Anticipated to play a significant part in accelerating the industry-wide adoption of sustainable solutions for marine e-mobility, ABB and Ballard Power Systems recently signed a Memorandum of Understanding (MoU) on developing next-generation fuel cell systems.
The new fuel cell power system for the marine industry will be jointly designed, developed and validated, and will help shipowners meet the increasing demands for clean operations.
As a global provider of innovative clean energy solutions, Ballard has years of experience in the deployment of hydrogen (H2) fuel cell systems for land-based use, with the first developments dating back to 1983.
The fuel cell specialist’s work with marine H2 as a fuel goes back to their role as advisors to the Canadian military.
“The Canadian Navy has had fuel cells in their submarines since 1993,” George Skinner, a safety expert with Ballard, said. “This fact alone demystifies H2 as high risk – the last place you want a dangerous fuel is on board is in a steel tube hundreds of meters under the sea.”
The company’s focus in the use of H2 for marine applications turned to more commercial areas around 2000, with a few projects for large cruise and ferry companies.
“Beyond its properties as a fuel, H2 is interesting as a carbon neutral alternative. It basically sidesteps emissions issues that the maritime industry needs to resolve,” Skinner observed.
He sees the trend toward marine H2 fuel as an exciting opportunity. “The quantities in marine will get energy companies engaged, which will solve the infrastructure conundrum. Once H2 is available in ports for ships it can be used to fuel trucks and other movers of goods and people. The onset of marine H2 will be a major catalyst for kicking off the H2 economy.”
“The bigger the better for fuel cells,” Skinner said. “H2 takes more room than fossil fuels, but it is lighter, and it can be compressed to very high pressures. Basically, you just keep liquid H2 in a giant thermos. The tank is heavy, so it is not always efficient for small machines. A H2 solution is likely more practical for shipping, where they can also have a better insulated tank.”
DNV GL, a globally leading quality assurance and risk management company, published the first rules for H2 on ships in January 2018. The rules are linked into codes and standards for other industries with a longer H2 history.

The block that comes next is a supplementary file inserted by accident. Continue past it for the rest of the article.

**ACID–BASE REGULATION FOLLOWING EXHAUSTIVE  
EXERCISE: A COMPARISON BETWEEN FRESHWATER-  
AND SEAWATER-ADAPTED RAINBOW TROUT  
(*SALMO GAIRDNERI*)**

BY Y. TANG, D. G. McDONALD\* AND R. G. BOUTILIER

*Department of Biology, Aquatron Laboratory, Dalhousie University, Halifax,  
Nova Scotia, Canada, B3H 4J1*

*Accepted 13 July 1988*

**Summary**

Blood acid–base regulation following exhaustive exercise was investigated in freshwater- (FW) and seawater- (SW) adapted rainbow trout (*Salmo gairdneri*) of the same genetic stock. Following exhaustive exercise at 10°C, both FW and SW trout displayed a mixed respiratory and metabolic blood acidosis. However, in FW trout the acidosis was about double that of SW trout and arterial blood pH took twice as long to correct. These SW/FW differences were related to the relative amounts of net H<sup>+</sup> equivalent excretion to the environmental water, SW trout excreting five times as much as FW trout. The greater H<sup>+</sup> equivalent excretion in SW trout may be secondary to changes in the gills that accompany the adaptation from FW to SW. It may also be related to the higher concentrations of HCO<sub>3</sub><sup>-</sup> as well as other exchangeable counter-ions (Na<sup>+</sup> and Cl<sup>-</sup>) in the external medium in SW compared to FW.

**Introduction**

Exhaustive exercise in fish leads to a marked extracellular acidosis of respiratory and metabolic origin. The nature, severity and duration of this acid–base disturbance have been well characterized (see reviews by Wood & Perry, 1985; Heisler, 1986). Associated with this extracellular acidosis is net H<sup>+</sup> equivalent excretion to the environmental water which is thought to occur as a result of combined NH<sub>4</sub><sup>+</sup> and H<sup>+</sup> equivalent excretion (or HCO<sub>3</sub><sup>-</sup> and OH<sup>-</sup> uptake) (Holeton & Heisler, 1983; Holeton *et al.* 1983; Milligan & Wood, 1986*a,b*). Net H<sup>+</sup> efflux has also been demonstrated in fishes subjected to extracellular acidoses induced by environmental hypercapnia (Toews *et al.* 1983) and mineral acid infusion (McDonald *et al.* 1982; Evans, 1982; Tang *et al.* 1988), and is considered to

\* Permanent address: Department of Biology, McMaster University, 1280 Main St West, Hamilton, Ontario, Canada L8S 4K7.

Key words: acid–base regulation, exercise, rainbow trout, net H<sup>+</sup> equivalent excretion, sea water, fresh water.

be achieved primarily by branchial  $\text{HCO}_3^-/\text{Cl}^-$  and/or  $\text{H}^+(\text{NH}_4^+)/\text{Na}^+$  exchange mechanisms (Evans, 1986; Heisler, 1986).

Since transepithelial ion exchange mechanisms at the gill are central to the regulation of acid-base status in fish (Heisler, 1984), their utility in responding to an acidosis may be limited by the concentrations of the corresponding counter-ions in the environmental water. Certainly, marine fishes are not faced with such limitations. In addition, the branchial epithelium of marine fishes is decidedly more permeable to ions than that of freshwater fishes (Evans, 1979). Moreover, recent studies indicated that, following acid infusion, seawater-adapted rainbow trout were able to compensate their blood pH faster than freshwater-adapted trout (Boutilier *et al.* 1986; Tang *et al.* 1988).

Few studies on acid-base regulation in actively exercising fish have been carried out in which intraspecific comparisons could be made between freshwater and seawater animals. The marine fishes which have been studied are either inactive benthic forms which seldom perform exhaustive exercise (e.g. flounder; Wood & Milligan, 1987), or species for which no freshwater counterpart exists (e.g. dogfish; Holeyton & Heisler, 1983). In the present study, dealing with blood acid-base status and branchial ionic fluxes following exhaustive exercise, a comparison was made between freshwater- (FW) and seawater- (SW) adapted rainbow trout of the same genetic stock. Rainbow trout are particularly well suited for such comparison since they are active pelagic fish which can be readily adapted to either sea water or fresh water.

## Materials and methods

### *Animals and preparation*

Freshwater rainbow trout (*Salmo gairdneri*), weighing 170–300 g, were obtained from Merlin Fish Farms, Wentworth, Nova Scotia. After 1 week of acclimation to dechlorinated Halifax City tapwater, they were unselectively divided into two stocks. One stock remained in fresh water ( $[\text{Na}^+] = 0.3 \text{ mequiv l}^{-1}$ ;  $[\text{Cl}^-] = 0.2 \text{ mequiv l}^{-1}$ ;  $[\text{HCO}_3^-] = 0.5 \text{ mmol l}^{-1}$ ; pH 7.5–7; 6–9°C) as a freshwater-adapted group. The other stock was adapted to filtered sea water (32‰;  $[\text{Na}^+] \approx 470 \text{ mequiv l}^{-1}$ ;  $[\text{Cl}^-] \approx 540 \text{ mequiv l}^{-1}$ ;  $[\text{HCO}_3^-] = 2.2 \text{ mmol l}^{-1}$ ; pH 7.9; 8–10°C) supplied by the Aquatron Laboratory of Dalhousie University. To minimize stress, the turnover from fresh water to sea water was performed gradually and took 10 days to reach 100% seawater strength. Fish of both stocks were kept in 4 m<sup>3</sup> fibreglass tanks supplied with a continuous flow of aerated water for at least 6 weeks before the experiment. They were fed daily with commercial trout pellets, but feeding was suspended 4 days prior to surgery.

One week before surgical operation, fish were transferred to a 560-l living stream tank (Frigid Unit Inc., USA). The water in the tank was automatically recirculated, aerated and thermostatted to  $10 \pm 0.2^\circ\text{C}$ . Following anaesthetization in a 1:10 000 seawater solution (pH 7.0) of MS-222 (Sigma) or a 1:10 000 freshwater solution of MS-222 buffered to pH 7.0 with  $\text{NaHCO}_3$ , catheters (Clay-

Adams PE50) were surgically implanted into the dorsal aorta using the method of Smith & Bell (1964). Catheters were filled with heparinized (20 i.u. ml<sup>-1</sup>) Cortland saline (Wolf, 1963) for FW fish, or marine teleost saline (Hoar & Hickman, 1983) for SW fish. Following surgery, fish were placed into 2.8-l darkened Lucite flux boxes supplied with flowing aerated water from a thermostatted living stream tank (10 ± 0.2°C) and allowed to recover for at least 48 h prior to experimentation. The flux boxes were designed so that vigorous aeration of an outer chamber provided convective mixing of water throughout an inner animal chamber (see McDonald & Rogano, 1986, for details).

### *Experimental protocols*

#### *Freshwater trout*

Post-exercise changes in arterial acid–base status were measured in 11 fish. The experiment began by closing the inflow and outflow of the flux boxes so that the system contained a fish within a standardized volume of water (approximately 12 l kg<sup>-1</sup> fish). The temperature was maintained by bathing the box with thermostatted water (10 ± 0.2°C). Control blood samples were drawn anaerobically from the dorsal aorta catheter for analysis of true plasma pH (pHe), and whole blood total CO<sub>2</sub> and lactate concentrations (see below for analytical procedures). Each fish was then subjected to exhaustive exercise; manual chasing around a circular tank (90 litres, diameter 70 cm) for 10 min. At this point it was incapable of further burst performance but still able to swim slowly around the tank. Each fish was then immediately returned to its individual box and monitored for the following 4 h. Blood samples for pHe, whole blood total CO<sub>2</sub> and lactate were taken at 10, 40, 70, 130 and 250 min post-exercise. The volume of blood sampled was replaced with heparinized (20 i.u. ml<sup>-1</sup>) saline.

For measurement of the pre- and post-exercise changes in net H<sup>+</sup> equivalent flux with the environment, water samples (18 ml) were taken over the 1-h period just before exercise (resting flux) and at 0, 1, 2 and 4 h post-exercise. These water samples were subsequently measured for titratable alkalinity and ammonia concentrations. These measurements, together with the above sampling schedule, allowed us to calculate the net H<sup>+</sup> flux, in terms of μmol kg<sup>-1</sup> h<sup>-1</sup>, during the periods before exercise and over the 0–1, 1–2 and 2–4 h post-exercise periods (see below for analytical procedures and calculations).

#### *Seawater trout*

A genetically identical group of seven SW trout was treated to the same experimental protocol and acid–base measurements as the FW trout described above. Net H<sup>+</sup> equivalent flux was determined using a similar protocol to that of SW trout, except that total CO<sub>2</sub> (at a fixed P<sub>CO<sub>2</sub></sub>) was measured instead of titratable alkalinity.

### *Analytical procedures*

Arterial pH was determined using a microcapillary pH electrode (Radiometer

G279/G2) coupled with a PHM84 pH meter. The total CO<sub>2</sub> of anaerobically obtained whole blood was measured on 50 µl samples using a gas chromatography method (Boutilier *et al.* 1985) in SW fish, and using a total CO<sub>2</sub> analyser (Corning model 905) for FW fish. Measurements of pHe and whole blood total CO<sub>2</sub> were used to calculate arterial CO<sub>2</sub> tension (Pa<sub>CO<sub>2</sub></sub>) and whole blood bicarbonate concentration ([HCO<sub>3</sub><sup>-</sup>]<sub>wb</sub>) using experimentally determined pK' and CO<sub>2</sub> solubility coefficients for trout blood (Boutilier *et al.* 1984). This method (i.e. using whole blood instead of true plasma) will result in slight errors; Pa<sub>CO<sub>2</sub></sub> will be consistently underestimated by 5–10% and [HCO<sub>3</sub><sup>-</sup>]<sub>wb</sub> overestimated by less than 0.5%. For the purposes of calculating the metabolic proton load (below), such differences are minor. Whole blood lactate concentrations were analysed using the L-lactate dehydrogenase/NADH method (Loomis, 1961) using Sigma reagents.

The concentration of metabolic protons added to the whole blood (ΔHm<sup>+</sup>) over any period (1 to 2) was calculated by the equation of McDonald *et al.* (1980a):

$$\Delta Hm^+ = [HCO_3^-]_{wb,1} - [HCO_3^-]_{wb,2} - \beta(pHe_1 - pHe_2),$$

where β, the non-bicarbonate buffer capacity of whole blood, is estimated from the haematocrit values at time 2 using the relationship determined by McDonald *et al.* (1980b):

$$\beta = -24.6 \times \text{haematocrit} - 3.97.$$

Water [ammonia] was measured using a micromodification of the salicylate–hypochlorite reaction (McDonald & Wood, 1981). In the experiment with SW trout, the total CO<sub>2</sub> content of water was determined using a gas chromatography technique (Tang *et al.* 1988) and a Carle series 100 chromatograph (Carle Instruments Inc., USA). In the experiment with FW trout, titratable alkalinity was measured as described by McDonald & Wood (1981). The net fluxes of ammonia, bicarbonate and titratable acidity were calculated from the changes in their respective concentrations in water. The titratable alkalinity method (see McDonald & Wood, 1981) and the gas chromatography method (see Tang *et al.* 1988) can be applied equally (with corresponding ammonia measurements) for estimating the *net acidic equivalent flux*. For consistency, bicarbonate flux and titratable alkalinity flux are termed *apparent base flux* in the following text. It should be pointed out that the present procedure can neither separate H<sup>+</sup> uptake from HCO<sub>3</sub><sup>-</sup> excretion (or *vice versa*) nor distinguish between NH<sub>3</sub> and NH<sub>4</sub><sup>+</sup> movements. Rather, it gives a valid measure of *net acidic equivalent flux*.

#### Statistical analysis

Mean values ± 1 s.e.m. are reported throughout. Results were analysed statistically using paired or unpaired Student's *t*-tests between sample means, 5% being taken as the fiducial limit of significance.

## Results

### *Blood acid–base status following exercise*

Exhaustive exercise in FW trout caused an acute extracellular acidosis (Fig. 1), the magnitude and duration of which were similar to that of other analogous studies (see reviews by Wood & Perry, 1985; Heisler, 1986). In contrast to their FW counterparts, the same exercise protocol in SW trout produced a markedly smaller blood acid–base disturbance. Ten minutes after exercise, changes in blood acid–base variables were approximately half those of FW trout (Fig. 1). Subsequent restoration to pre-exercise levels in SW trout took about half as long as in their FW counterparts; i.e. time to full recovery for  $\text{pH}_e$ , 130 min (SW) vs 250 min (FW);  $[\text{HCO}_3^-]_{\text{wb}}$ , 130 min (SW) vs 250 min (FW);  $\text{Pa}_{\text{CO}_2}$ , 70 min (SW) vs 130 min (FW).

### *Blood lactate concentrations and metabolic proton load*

“The basic principles are the same for LNG or other low flashpoint fuels. We already know how to handle liquid gas, so the technology is broken in. The real challenge now is developing the infrastructure.”
Though Skinner reported an uptick in interest from inland waterway operators in recent months, ferries and cruise are still the frontrunners. “For the cruise industry, it is a combination of environmental, regulatory and marketing advantages. They are looking at the long term, and they would rather be set up for H2 than rely on the future of carbon fuels.”
“We believe that as a first step, the cruise industry will look toward a hybrid solution, using fuel cells to power hotel functions in ports and when in protected fjords. Eventually they could apply it to provide power for the entire vessel, including propulsion.”
Skinner pointed out the many potential advantages for H2 as marine fuel. “All-electric drives are already common, so the power plants could simply be exchanged. Ultimately the need for diesel on a ship would be greatly reduced or eliminated. H2 systems also allow more freedom of placement in the vessel and H2-powered fuel cells produce water that can be used for other purposes on board.
It’s the same, only different
With decades of experience, Skinner can assure the public that H2 is not necessarily more dangerous or safer than other fuels – just different. “Other considerations have to be made. H2 has a less explosive energy, it burns quicker and colder, and it disperses straight up. It is very easy to ignite, so it is important to prevent leaks, install sufficient detection systems, and always have enough ventilation. The International Code of Safety for Ships using Gases or other Low-flashpoint Fuels already lays out ways to deal with it, and DNV GL is looking into improved piping systems. New codes and standards are also under development.”
“Ultimately, the objective is to make a failsafe fuel cell power plant. We have done this on land, so it can be done at sea. Fuel cells have a long life and they are relatively low in maintenance. Just turn them on and let them run.”
Skinner maintained that the main problems with H2 have been connected to perceptions from the past, such as negative associations with the Hindenburg case – the German passenger airship LZ 129 Hindenburg occurred on 6th May 6 (1937), as it caught fire and was destroyed – and the H2 bomb. “In fact, the H2 bomb is a nuclear reaction, so this is a total misrepresentation. H2 is ubiquitous in industry, aerospace, and many forms of transportation.”
He pointed out NASA’s decades of experience using H2 as rocket fuel, noting that Viking Cruises have been in discussions with NASA to learn more about loading the fuel.
Ballard Power also runs its own fuel cell lab on liquid H2. “We have been getting deliveries twice a week for 20 years. Getting it from shore to ship will be basically the same thing. After all,” he smiled, “it’s only rocket science.”